by Dave Smith; all color photos by Dave Smith
In 1905, an expedition from the University of California’s Department of Geology in Berkeley spent almost two months in the West Humboldt Mountains of Nevada collecting ichthyosaur fossils. Annie Alexander, the woman to whom UCMP owes its existence, was a participant in that expedition. She probably kept a journal or took field notes; following the trip, she put together a scrapbook containing typed pages of text and numerous photographs (mostly hers, but some of John C. Merriam‘s as well) and at some point gave it to the museum. This scrapbook is one of the most cherished items in UCMP’s archives.
The first members of the expedition to arrive at their destination in the West Humboldts were Annie, her friend and fellow paleontology student Edna Wemple, and the expedition leader Eustace Furlong. They were joined a few days later by Professor Merriam and two students, William Boynton and Malcolm Goddard. Professor James Perrin Smith of Stanford University participated for a week but his interest was in ammonites, not ichthyosaurs.
Kirk Hastings, a friend of mine who works at the California Digital Library in Oakland (CDL is a unit within the UC Office of the President), had suggested that the two of us do some hiking in Nevada and that got me to thinking. It would be fun to return to the West Humboldt Mountains and attempt to relocate some of the quarries worked by Annie and the Berkeley crew so I pitched the idea to Kirk. He liked the idea so I had 5×7 prints made of several of the photographs from Annie’s scrapbook; I thought that these would be helpful. I also printed out a copy of the scrapbook pdf.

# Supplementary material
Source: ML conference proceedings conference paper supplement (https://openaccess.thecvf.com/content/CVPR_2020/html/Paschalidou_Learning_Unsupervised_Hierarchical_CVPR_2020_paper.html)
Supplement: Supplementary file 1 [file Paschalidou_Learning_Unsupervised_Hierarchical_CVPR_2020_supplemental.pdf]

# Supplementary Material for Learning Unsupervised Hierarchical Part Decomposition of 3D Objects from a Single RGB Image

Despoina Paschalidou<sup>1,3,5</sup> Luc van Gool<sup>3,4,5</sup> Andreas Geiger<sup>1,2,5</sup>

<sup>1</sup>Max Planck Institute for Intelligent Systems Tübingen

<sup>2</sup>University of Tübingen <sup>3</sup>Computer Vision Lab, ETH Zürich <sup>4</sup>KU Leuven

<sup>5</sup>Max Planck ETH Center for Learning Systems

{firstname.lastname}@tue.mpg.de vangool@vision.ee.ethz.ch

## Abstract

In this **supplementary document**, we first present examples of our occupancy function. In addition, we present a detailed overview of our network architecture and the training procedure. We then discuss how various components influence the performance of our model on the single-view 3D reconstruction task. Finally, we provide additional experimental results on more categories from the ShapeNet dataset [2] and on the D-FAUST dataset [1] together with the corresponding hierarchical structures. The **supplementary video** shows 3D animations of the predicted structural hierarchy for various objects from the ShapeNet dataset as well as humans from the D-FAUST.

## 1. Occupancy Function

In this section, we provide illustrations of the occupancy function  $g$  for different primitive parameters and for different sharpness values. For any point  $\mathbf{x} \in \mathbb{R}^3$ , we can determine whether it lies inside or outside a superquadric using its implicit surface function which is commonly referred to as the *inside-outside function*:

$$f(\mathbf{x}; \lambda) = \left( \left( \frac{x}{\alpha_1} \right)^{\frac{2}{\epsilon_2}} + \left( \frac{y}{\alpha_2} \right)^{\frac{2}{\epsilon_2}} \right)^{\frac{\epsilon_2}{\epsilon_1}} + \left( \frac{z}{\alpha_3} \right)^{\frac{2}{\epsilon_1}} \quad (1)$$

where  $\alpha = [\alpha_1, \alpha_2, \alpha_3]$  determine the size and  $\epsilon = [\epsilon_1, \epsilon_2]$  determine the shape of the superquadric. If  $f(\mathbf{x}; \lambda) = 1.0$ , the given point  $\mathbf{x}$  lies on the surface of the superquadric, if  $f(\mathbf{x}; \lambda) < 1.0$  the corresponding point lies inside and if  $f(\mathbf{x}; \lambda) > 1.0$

On May 8 — exactly 112 years to the day after Annie arrived in the West Humboldt Mountains — Kirk and I left Berkeley for Nevada. I had located the canyon — South American Canyon — where the Berkeley crew had been based, but I had not been able to establish whether the ichthyosaur localities were on public or private land, so Kirk and I made our first stop the Bureau of Land Management (BLM) office in Winnemucca. They were able to tell us that the land was indeed privately owned but they could not remember the name of the owner. They advised us to backtrack to Lovelock and visit the county assessor’s office there — we would be able to find the name of the owner and perhaps some contact information. So we followed that advice and obtained the name of the land owner, one Patrick Embree. Unfortunately, the assessor’s office only had a mailing address for him — no phone number — so I pulled out my phone and did a Google search. Several phone numbers popped up but none of them seemed particularly reliable. Still, I selected one that appeared more than once and dialed it. I reached an answering machine and left a message identifying myself and my intentions and asked that I be called back. We realized that the chances of my dialing both the correct number and my getting a return call were slim to none, but about five minutes later, my phone rang. It was Patrick! Like me, he too was interested in retracing Annie’s steps in the canyon and was well aware of her scrapbook — in fact, he had at one point spoken with Mark Goodwin about it, offering to pay the museum to have the scrapbook scanned. Patrick was also interested in continuing Annie’s legacy of locating and excavating Triassic marine reptiles and he’s had some success in that area.1 I think he was genuinely pleased to see someone from UCMP taking an interest in the 1905 expedition and said that Kirk and I were welcome to camp on his land and look around all we wanted. Patrick even invited us to stay at his preferred camping area — a clearing with one large juniper tree and a picnic table — that he said was just a short walk from the old cabin where the Berkeley crew had camped. This was an incredible stroke of good luck. Without Patrick’s permission to camp and roam freely about his land, our mission would have been doomed.